The Big Blue Bin

Big Blue Bin

Last Christmas I promised my husband I’d organize, research and write his family history. OK, so maybe my motives were mixed: I’ve been shuffling around this big blue plastic storage bin of “Veen stuff” for several years. Every time I came across something “Veen” I added it to the bin, then as the bin filled, began piling items on top. I needed to get it out of the upstairs hallway, so this seemed like a good idea in addition to a nice gift. Continue reading

Statehood

Like a prairie fire pioneers swept across the frontier, filling the land so quickly that by 1845 Iowa approached eligibility for statehood. Admitted as a free state in December 1846, Iowa served to balance Florida’s entry as a slave state.

Did statehood conclude the frontier era of Iowa? No. There was plenty of land left for settlement; the 1846 map defined Iowa’s new boundaries, but her internal organization remained incomplete. Another decade would pass before the last county, Hamilton, was formed.

Even county development did not truly draw to a close Iowa’s frontier era. Not until the years following the Civil War, when the railroad stretched its fingers across every part of the state, connecting farmers to eastern markets, goods and services, could Iowa finally say “done” with pioneer days.

From her earliest native inhabitants, to trappers, traders and adventurers; and finally to the American pioneers whose ambitions and ideals shaped a new state, Iowa continues to be the peaceful, prosperous, and beautiful “land between two rivers.”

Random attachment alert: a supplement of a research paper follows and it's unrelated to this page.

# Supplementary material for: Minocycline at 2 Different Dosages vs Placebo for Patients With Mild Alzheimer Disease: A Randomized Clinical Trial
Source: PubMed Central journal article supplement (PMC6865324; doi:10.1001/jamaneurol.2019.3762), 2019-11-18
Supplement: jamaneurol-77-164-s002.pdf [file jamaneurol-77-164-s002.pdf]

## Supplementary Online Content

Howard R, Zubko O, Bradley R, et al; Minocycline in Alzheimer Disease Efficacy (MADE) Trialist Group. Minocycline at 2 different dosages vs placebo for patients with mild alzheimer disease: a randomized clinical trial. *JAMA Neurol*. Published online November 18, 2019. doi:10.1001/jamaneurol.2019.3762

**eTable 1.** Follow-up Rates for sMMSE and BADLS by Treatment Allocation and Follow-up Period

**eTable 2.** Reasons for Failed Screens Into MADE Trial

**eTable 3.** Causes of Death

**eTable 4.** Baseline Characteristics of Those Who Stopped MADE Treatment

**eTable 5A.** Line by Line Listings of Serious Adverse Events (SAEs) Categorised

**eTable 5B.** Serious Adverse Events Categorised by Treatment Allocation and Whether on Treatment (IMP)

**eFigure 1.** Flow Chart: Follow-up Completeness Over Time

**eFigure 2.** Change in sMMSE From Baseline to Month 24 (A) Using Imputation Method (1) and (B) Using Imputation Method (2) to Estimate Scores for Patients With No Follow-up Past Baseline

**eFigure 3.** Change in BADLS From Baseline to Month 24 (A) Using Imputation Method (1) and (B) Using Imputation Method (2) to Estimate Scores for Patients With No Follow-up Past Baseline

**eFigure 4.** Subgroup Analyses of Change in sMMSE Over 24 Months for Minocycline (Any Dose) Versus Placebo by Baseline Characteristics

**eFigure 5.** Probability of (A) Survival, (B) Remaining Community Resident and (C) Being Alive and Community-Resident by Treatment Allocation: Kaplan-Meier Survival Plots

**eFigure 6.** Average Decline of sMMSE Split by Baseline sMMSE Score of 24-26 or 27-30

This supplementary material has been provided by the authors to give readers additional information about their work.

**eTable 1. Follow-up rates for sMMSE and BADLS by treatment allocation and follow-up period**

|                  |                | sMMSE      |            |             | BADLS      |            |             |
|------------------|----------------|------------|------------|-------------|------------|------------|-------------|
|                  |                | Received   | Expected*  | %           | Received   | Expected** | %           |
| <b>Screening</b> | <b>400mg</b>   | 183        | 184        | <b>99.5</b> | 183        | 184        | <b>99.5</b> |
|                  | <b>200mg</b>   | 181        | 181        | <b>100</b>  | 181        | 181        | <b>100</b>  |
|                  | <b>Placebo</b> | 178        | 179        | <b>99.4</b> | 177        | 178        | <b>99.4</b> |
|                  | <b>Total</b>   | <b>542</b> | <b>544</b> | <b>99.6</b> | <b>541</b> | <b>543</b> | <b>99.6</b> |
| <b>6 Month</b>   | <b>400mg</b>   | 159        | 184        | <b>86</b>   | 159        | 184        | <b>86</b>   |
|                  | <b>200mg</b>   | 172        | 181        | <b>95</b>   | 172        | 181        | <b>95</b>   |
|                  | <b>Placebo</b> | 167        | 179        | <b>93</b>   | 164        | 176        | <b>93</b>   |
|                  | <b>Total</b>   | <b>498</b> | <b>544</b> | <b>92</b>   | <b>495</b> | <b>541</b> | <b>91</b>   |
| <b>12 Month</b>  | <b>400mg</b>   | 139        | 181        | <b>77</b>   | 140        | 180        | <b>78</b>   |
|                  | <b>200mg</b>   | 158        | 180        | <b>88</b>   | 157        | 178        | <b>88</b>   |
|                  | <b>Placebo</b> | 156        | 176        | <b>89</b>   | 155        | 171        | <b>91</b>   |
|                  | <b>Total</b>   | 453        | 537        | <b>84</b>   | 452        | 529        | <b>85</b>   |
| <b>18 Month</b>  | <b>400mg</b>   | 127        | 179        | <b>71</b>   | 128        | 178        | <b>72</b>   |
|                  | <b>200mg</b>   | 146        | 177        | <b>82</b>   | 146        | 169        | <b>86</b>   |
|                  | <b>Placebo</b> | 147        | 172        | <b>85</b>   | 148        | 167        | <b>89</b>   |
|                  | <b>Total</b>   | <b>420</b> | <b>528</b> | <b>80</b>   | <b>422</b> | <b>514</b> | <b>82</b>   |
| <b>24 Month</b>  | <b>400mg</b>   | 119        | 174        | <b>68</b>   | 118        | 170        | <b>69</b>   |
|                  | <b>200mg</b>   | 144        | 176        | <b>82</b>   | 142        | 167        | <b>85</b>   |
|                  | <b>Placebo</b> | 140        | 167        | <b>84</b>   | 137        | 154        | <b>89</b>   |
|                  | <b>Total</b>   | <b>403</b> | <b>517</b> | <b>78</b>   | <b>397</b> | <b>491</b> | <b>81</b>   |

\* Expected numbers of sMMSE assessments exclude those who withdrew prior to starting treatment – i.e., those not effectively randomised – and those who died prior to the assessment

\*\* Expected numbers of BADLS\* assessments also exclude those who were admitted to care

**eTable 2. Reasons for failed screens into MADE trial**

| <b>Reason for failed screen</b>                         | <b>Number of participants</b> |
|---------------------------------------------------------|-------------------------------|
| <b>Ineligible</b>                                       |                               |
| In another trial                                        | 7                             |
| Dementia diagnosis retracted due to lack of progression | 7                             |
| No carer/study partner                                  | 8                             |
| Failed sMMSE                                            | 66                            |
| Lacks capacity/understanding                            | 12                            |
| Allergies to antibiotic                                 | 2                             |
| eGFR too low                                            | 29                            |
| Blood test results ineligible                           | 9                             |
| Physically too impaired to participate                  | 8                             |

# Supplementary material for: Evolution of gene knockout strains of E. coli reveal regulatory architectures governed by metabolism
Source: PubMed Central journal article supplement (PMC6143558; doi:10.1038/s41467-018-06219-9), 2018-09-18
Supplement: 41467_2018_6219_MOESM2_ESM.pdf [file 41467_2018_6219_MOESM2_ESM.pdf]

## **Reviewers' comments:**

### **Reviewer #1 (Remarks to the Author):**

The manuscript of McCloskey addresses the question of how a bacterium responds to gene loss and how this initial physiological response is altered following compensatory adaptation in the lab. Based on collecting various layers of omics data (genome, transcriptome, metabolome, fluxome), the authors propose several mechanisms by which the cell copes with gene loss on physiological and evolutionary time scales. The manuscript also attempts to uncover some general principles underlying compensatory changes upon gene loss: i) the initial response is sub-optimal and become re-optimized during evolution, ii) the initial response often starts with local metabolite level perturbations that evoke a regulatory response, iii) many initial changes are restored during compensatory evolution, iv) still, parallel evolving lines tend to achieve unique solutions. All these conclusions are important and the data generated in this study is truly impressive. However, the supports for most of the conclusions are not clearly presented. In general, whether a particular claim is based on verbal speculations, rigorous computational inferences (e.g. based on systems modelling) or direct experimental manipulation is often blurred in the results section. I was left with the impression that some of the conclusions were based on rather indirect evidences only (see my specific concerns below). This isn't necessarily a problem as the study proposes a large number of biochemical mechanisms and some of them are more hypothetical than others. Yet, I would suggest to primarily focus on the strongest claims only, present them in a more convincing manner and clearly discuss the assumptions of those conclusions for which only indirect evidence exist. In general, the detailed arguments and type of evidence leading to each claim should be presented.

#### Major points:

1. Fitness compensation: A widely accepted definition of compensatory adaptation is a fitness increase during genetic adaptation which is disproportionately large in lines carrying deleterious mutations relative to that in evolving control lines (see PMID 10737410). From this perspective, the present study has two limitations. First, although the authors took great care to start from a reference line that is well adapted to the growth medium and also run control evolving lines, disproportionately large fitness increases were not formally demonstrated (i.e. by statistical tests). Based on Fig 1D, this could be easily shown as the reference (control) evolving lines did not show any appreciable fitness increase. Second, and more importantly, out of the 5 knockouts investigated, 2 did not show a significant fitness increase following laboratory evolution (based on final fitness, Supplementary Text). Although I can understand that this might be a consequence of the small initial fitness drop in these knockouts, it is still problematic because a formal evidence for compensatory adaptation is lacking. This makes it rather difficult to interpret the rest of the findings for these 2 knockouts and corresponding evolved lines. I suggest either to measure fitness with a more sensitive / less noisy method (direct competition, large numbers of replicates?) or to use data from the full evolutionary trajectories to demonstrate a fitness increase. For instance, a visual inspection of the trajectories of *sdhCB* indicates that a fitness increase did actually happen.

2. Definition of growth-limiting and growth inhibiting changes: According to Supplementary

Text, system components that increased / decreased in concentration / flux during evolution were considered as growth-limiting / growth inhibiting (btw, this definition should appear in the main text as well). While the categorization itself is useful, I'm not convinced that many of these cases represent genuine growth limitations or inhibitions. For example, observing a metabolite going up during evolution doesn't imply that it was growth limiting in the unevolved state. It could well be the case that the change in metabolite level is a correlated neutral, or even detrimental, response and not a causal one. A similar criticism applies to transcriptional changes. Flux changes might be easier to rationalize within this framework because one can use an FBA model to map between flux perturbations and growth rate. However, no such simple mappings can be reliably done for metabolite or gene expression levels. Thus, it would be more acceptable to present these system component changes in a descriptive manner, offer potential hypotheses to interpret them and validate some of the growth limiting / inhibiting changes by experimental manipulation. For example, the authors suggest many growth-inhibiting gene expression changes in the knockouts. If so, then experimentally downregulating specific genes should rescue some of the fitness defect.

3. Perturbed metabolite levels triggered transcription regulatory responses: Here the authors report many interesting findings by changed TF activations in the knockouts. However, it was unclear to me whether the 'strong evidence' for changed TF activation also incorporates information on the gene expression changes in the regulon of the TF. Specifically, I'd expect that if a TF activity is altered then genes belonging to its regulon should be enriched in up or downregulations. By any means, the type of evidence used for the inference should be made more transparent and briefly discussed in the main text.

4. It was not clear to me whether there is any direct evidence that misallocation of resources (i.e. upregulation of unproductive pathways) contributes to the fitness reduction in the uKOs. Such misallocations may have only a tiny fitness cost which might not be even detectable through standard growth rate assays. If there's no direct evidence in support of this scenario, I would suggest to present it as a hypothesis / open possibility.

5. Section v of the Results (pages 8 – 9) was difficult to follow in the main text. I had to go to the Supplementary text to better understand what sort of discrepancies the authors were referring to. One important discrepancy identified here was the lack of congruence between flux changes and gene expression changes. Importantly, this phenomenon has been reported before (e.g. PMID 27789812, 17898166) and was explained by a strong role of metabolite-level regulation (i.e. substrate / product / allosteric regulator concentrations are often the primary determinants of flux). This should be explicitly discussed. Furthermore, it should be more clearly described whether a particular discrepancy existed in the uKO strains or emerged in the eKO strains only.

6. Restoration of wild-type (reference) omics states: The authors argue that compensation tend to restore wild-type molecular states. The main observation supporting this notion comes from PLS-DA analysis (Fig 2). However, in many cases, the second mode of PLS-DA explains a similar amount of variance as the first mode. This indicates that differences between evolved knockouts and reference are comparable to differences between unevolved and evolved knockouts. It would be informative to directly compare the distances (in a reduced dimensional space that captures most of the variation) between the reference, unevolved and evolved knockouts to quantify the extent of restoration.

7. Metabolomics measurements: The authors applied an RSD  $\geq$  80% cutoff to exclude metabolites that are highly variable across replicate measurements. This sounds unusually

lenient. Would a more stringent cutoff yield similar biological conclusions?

Counting Iowa’s people

1838 Wisconsin territorial census, District of Iowa, Van Buren County, unstated township; Secretary of State, State Historical Society, Des Moines.

Territories and young states counted their populations early and often—a growing population meant more federal resources, better legislative representation, and a path to statehood. From territorial days through 1925, Iowa regularly counted her people. Earliest years were purely statistical, naming only the head of household. County response was limited. Here’s a run-down of census years for territorial Iowa.

Wisconsin Territory: District of Iowa

  • 1836 Wisconsin territorial census:
    Des Moines & Dubuque Counties

No preprinted forms were used. The stated purpose was to determine legislative apportionment. Information was collected by county sheriffs, who were requested to report their findings by 1 May 1838:

Name of heads of white households
No. males under 21
No. males over 21
No. females under 21
No. females over 21
Total Continue reading

A Timeline of Counties